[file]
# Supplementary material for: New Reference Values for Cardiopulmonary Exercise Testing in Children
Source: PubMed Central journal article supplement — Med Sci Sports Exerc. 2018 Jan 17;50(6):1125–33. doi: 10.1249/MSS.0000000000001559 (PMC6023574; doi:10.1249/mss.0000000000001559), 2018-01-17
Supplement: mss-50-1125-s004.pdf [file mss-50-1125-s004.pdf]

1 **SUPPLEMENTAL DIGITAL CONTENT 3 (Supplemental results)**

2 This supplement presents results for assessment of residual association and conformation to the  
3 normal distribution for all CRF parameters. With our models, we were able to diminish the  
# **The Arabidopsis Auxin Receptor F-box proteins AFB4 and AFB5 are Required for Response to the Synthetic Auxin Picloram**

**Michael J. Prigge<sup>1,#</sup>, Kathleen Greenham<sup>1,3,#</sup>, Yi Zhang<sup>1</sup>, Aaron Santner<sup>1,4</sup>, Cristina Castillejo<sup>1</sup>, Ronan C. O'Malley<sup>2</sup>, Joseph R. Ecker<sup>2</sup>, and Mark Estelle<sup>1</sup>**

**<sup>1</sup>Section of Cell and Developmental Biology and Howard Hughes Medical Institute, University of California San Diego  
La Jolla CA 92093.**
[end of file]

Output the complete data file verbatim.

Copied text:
# Supplementary material for: New Reference Values for Cardiopulmonary Exercise Testing in Children
Source: PubMed Central journal article supplement — Med Sci Sports Exerc. 2018 Jan 17;50(6):1125–33. doi: 10.1249/MSS.0000000000001559 (PMC6023574; doi:10.1249/mss.0000000000001559), 2018-01-17
Supplement: mss-50-1125-s004.pdf [file mss-50-1125-s004.pdf]

1 **SUPPLEMENTAL DIGITAL CONTENT 3 (Supplemental results)**

2 This supplement presents results for assessment of residual association and conformation to the  
3 normal distribution for all CRF parameters. With our models, we were able to diminish the  
# **The Arabidopsis Auxin Receptor F-box proteins AFB4 and AFB5 are Required for Response to the Synthetic Auxin Picloram**

**Michael J. Prigge<sup>1,#</sup>, Kathleen Greenham<sup>1,3,#</sup>, Yi Zhang<sup>1</sup>, Aaron Santner<sup>1,4</sup>, Cristina Castillejo<sup>1</sup>, Ronan C. O'Malley<sup>2</sup>, Joseph R. Ecker<sup>2</sup>, and Mark Estelle<sup>1</sup>**

**<sup>1</sup>Section of Cell and Developmental Biology and Howard Hughes Medical Institute, University of California San Diego  
La Jolla CA 92093.**